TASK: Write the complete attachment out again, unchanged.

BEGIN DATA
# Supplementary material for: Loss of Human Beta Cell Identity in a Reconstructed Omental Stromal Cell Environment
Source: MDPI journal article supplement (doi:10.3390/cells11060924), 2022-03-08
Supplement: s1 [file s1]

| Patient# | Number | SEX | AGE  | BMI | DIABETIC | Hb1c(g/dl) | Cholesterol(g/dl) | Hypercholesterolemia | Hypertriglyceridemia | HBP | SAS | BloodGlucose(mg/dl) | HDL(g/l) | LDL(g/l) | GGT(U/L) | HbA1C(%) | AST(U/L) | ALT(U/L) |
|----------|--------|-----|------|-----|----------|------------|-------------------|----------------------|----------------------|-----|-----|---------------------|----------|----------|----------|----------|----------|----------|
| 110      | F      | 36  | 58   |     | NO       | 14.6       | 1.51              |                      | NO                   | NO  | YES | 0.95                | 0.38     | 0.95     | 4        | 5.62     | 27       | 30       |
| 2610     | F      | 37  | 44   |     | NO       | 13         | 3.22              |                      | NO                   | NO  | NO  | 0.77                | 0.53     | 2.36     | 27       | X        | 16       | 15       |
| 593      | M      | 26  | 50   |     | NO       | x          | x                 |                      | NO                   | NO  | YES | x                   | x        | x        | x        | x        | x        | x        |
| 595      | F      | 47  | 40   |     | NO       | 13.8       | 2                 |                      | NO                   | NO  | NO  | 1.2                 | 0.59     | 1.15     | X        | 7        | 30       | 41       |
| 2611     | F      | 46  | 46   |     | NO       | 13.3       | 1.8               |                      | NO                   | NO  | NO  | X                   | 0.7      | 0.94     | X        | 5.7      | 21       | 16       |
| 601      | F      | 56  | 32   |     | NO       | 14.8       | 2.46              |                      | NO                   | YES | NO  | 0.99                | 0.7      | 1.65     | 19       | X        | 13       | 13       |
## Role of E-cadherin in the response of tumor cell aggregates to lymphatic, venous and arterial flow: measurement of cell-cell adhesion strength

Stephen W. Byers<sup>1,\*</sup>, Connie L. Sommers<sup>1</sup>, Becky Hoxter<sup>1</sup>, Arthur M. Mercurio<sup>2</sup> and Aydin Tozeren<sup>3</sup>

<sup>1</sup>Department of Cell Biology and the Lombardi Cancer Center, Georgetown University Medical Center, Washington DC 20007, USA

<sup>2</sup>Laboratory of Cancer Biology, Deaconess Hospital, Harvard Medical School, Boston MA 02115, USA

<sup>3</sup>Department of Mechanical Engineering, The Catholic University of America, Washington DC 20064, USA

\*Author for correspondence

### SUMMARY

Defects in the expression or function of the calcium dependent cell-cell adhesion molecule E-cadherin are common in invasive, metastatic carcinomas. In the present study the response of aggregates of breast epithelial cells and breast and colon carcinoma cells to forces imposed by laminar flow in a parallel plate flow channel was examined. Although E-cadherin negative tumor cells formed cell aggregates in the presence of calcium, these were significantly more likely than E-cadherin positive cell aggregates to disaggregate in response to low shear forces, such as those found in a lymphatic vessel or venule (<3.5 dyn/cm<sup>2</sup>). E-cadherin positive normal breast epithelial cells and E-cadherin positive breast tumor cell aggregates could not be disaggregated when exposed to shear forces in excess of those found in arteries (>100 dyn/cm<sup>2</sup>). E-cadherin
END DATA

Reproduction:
# Supplementary material for: Loss of Human Beta Cell Identity in a Reconstructed Omental Stromal Cell Environment
Source: MDPI journal article supplement (doi:10.3390/cells11060924), 2022-03-08
Supplement: s1 [file s1]

| Patient# | Number | SEX | AGE  | BMI | DIABETIC | Hb1c(g/dl) | Cholesterol(g/dl) | Hypercholesterolemia | Hypertriglyceridemia | HBP | SAS | BloodGlucose(mg/dl) | HDL(g/l) | LDL(g/l) | GGT(U/L) | HbA1C(%) | AST(U/L) | ALT(U/L) |
|----------|--------|-----|------|-----|----------|------------|-------------------|----------------------|----------------------|-----|-----|---------------------|----------|----------|----------|----------|----------|----------|
| 110      | F      | 36  | 58   |     | NO       | 14.6       | 1.51              |                      | NO                   | NO  | YES | 0.95                | 0.38     | 0.95     | 4        | 5.62     | 27       | 30       |
| 2610     | F      | 37  | 44   |     | NO       | 13         | 3.22              |                      | NO                   | NO  | NO  | 0.77                | 0.53     | 2.36     | 27       | X        | 16       | 15       |
| 593      | M      | 26  | 50   |     | NO       | x          | x                 |                      | NO                   | NO  | YES | x                   | x        | x        | x        | x        | x        | x        |
| 595      | F      | 47  | 40   |     | NO       | 13.8       | 2                 |                      | NO                   | NO  | NO  | 1.2                 | 0.59     | 1.15     | X        | 7        | 30       | 41       |
| 2611     | F      | 46  | 46   |     | NO       | 13.3       | 1.8               |                      | NO                   | NO  | NO  | X                   | 0.7      | 0.94     | X        | 5.7      | 21       | 16       |
| 601      | F      | 56  | 32   |     | NO       | 14.8       | 2.46              |                      | NO                   | YES | NO  | 0.99                | 0.7      | 1.65     | 19       | X        | 13       | 13       |
## Role of E-cadherin in the response of tumor cell aggregates to lymphatic, venous and arterial flow: measurement of cell-cell adhesion strength

Stephen W. Byers<sup>1,\*</sup>, Connie L. Sommers<sup>1</sup>, Becky Hoxter<sup>1</sup>, Arthur M. Mercurio<sup>2</sup> and Aydin Tozeren<sup>3</sup>

<sup>1</sup>Department of Cell Biology and the Lombardi Cancer Center, Georgetown University Medical Center, Washington DC 20007, USA

<sup>2</sup>Laboratory of Cancer Biology, Deaconess Hospital, Harvard Medical School, Boston MA 02115, USA

<sup>3</sup>Department of Mechanical Engineering, The Catholic University of America, Washington DC 20064, USA

\*Author for correspondence

### SUMMARY

Defects in the expression or function of the calcium dependent cell-cell adhesion molecule E-cadherin are common in invasive, metastatic carcinomas. In the present study the response of aggregates of breast epithelial cells and breast and colon carcinoma cells to forces imposed by laminar flow in a parallel plate flow channel was examined. Although E-cadherin negative tumor cells formed cell aggregates in the presence of calcium, these were significantly more likely than E-cadherin positive cell aggregates to disaggregate in response to low shear forces, such as those found in a lymphatic vessel or venule (<3.5 dyn/cm<sup>2</sup>). E-cadherin positive normal breast epithelial cells and E-cadherin positive breast tumor cell aggregates could not be disaggregated when exposed to shear forces in excess of those found in arteries (>100 dyn/cm<sup>2</sup>). E-cadherin